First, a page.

Comprehensive Edition

Land Reclamation


  Land reclamation is a process to convert sea areas or river inlets that are adjacent to the shoreline into land areas by filling them with various kinds of earth and artificial materials, thus creating new land. Such new land can be tremendous assets for planned land use. Economic zones, residential areas, airports, industrial parks, agricultural land, transportation infrastructure, and sea ports have all been constructed on extensive reclamation systems in Korea. The most recognized of the reclaimed land is the Incheon International Airport.

  Since the 1970s, Korea has been utilizing private enterprise and new technology to design and build extensive reclamation projects. The Seosan Reclamation Project, launched in 1980 and completed in 1995, was the first large-scale system to be organized by a private enterprise in Korea.

  The total length of the breakwater is 7,686 meters (4.77 miles), including both districts A and B (see 2010 Land Cover Map). The reclaimed area is 15,409 hectares (38,076 acres), among which 9,626 hectares (23,786 acres) of land was reclaimed in Seosan District A, while 5,783 hectares (14,290 acres) was reclaimed in Seosan District B. The reclaimed land is mostly used as agricultural land; the rice paddies in Seosan have become the largest administrative district in Korea. This system also created the Ganwolho Reservoir (in District A) and Bunamho Reservoir (in District B). Ganwolho (see 1983 satellite image), which has been connected to the mainland, has become a tourist attraction known for its oyster production.

  The Seosan Reclamation Project contributed to the development of Seosan-si and provided a habitat for winter migratory birds. Within a large scale agricultural zone, it was designed for protecting the bird habitat by reducing accessibility to human visitors. In addition, it has lots of flattened grain, making it an attractive location for birds. Typical migratory birds are the Baikal teal, bean goose, and buzzard. However, after the construction of the breakwater, species such as the longbill have decreased and there has been a decline in water quality of the reservoir. Currently, various plans are underway to improve the quality of the water.

  The Saemangeum Embankment Project began in 1991 and was completed in 2006. As the longest embankment of the world, the project has a total embankment length of 33.9 km (21.1 miles). Some 28,300 hectares (69,930 acres) of land and 11,800 hectares (29,158 acres) of lake were created by the system. Saemangeum got its name by combining the first characters of Mangyeongpyeongya and Gimjepyeongya. As such, “aemangeum”refers to the desire to establish new fertile lands that are similar to the Mangyeong and Gimje Plains.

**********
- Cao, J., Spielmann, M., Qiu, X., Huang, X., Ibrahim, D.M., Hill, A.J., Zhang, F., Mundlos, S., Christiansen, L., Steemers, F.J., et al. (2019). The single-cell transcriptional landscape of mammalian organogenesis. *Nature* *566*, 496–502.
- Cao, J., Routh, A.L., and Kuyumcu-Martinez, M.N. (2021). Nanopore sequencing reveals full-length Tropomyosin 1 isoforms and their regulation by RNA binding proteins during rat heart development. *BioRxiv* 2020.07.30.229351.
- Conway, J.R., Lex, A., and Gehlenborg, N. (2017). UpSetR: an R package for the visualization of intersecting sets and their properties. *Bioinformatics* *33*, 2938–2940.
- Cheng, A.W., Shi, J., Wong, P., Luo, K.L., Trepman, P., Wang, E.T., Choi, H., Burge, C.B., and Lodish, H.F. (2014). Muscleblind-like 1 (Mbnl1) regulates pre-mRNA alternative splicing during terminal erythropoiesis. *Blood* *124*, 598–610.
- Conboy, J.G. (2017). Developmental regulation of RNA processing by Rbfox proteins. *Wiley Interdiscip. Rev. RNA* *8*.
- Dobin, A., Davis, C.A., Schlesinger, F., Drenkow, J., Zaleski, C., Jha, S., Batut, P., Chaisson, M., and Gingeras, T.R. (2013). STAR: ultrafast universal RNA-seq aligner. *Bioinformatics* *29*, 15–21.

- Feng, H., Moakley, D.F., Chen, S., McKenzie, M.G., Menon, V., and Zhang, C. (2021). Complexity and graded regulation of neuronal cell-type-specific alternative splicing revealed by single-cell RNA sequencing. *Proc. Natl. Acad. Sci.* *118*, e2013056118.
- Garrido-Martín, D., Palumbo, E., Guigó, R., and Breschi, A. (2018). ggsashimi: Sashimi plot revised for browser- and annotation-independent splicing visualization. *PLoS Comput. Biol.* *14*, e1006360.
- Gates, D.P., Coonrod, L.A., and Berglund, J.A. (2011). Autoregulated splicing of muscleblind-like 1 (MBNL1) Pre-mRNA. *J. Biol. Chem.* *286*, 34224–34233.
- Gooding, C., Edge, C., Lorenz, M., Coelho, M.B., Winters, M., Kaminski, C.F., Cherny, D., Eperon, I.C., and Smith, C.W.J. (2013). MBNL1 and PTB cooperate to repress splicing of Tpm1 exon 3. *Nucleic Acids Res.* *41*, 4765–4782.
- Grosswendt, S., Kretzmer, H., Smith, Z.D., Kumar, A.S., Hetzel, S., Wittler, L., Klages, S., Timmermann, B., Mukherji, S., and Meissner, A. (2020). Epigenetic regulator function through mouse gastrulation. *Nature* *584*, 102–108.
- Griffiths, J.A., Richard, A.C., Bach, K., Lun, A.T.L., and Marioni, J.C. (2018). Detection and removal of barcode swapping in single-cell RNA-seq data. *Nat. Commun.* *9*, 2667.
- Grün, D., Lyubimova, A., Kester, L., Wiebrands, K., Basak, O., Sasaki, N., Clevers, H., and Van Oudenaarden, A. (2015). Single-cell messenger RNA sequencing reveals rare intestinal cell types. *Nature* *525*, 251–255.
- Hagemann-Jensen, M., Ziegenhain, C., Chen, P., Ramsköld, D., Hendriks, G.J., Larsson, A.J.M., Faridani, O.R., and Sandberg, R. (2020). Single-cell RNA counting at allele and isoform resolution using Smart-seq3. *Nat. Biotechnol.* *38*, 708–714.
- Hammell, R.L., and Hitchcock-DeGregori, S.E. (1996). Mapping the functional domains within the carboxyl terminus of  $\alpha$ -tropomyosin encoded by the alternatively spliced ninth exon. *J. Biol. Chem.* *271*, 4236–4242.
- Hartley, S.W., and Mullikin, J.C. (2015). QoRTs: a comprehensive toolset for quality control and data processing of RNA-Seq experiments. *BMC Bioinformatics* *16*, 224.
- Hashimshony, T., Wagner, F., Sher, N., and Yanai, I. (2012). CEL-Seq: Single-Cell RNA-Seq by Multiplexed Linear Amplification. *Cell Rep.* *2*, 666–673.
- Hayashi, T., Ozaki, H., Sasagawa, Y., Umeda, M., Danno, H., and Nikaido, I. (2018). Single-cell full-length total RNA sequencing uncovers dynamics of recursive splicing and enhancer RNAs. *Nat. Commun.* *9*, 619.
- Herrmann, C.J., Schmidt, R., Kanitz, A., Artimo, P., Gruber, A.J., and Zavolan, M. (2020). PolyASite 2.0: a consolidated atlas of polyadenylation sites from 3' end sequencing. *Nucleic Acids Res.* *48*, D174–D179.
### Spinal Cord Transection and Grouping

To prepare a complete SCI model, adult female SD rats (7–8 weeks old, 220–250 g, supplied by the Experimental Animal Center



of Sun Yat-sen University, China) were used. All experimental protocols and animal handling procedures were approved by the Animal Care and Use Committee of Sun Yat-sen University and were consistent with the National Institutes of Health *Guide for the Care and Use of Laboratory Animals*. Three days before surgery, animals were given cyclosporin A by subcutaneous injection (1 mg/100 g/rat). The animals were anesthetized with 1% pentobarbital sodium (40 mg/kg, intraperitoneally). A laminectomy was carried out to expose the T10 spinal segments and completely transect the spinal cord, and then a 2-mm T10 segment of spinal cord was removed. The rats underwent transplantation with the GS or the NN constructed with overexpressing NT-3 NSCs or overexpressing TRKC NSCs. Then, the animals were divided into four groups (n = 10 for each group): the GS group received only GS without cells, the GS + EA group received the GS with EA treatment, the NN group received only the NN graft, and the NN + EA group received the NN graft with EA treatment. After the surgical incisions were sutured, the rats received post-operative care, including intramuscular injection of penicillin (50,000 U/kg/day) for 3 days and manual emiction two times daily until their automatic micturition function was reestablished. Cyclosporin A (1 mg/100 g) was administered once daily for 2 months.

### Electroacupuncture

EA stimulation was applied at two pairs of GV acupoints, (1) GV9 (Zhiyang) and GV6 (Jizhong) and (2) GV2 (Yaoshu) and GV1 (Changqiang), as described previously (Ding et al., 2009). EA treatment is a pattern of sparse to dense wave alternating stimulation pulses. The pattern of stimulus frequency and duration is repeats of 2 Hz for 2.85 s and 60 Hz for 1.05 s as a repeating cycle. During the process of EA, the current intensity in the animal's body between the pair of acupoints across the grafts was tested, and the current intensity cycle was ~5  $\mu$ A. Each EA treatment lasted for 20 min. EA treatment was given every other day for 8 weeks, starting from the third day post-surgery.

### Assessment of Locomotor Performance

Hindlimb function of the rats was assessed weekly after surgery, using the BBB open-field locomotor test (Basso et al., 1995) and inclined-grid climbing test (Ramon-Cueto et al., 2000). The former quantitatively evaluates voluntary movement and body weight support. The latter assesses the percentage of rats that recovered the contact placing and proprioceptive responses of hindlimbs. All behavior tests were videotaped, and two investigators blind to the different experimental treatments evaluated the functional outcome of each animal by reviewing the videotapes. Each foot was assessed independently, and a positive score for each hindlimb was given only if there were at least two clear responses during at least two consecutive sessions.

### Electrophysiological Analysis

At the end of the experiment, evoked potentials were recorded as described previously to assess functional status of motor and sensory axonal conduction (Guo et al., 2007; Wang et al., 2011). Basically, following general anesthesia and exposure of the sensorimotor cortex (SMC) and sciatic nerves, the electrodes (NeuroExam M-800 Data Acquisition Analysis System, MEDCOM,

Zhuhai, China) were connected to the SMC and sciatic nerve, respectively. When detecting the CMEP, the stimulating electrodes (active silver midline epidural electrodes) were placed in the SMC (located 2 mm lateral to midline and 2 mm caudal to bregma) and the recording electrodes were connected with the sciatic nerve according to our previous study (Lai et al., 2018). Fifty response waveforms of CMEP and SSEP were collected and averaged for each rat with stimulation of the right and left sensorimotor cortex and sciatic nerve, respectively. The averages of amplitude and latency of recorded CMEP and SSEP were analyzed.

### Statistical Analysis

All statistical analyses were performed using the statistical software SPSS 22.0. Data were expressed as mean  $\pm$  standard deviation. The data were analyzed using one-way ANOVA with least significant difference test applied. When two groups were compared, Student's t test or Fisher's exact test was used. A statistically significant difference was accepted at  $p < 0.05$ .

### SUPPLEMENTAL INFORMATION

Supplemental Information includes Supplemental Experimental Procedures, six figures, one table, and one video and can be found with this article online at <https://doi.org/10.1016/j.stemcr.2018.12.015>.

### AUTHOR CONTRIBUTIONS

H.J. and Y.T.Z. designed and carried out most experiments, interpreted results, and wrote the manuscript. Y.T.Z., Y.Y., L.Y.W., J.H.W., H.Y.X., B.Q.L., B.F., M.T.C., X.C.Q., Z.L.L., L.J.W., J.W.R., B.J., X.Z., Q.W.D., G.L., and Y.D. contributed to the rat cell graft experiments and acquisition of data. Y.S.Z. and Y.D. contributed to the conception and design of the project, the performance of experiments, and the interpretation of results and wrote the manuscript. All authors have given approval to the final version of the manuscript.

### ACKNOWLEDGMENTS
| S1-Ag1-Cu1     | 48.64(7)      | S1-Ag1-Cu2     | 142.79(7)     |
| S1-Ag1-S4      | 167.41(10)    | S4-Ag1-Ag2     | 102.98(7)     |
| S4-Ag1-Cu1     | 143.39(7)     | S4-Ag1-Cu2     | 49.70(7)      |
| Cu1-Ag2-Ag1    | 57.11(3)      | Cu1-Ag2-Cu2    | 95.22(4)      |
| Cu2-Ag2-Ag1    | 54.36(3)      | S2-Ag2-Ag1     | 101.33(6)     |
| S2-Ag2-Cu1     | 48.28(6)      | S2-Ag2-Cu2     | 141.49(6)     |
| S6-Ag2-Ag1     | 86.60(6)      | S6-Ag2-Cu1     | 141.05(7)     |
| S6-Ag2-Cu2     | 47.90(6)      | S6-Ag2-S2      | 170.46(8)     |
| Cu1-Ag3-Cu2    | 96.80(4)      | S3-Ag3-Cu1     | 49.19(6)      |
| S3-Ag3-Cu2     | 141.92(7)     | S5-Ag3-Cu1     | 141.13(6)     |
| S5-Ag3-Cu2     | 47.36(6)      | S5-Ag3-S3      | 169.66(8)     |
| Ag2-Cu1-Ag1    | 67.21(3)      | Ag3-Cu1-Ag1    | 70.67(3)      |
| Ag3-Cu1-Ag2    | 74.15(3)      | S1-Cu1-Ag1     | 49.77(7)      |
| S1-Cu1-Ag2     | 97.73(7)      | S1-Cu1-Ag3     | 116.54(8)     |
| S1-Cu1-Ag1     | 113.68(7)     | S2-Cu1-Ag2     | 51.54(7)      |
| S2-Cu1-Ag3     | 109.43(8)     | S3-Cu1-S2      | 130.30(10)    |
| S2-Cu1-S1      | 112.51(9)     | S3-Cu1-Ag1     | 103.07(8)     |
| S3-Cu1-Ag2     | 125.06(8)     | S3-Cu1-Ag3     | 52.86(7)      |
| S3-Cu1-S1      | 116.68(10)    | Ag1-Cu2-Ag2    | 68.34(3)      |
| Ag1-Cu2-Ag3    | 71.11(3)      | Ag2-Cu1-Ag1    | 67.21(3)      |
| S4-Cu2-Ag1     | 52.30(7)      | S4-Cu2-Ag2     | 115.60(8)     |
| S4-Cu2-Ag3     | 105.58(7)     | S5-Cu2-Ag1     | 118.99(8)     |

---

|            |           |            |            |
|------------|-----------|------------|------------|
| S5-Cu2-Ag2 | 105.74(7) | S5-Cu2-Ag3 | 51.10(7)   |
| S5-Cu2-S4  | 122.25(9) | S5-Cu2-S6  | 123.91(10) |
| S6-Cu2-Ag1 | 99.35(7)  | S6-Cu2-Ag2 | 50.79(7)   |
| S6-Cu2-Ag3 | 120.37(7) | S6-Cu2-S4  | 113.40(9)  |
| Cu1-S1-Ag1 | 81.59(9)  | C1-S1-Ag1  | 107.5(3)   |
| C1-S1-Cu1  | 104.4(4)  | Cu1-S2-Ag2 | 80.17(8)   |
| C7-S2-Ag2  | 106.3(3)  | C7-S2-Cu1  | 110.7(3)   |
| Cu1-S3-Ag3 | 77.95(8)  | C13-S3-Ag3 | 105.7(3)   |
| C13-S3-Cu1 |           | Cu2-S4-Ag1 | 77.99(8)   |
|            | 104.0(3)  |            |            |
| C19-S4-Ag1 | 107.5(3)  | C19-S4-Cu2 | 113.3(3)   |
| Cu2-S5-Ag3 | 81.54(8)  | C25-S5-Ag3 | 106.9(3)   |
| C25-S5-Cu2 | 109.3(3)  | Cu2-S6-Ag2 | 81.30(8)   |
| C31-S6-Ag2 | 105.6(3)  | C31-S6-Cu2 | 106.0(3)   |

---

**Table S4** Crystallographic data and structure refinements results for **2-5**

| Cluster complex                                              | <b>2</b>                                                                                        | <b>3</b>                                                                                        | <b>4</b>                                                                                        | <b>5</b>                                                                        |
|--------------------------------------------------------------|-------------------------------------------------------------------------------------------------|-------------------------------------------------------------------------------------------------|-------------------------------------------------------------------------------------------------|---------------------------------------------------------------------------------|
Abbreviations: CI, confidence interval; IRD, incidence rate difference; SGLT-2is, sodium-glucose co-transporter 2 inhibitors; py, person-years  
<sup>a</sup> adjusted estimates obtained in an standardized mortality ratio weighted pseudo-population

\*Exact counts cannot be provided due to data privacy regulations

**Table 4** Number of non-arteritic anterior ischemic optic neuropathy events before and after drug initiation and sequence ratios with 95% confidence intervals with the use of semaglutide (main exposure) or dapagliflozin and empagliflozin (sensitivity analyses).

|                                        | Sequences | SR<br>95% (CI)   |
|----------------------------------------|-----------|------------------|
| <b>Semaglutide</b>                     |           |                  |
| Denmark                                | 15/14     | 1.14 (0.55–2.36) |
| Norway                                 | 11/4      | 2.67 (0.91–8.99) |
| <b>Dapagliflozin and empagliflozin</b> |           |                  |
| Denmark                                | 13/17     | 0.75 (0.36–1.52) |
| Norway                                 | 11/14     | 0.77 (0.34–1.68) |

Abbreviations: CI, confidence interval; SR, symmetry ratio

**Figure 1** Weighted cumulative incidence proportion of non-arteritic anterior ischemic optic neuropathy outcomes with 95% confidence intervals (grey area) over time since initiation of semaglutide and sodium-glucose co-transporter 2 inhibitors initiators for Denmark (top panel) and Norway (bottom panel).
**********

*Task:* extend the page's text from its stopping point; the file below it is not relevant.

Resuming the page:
The land use plan of the Saemangeum Project has been modified four times since 1991, with the latest plan being finalized in September 2014. According to this plan, 6 types of land uses are to be developed: industrial/research, international cooperation, tourism/leisure, agricultural, urban, and nature/ecosystem. The Saemangeum Project is expected to help the local economy by extending its land, creating rich agricultural space, securing water resources, and creating a tourism district. However, problems have risen during the development process, including damage to mud flats and water pollution. Mitigation efforts are being considered.

Brief Interpretation of the Map

  The western coastline of South Korea is especially amenable to the development of Yellow Sea Coastal Reclamation Projects. This section highlights two especially important and very different systems. The Seosan Project, funded by private enterprise, includes the world acclaimed Incheon airport, agricultural areas, and wetlands, with provisions for wildlife sanctuaries. It must be admitted there has been some degradation of water quality within the seawalls. The Saemangeum Project, funded by the government, contains the longest seawall in the world and was designed with the primary goal of expanding prime agricultural land. However, some unidentified problems have led to a decrease in migratory birds using the area as a stopover on their routes. Local farmers have opposed the project arguing that there is not a need for more farm land because there is a drop in the agricultural sector of the economy. The environmental opposition to the project seems to come more from global groups rather than internal sources.

  Another Korean project is the Shiwa Lake Reclamation Project. It boasts the largest tidal power station of the world. (See the section on Korean tides.) It was designed primarily for agriculture and energy.

  Most of the reclamation systems in South Korea were designed for uses like agriculture, wetlands and wildlife protection. Human designs rarely take the time necessary for natural processes to develop into balanced ecological environments. This problem tends to create artificial features that lack the stability inherent in natural processes. While developing large reclamation projects, efforts can be made to incorporate “atural”features such as bird feeding areas, or the creation of wetlands to protect sensitive plants and marine life. There are many steps and adjustments to make, to enhance the development of a natural feature to accommodate a species that took generations to adapt to the conditions of its natural habitat. If a human designed wetland was proposed to provide new nesting areas for a bird species, what features would be necessary in the design for a successful establishment of the species?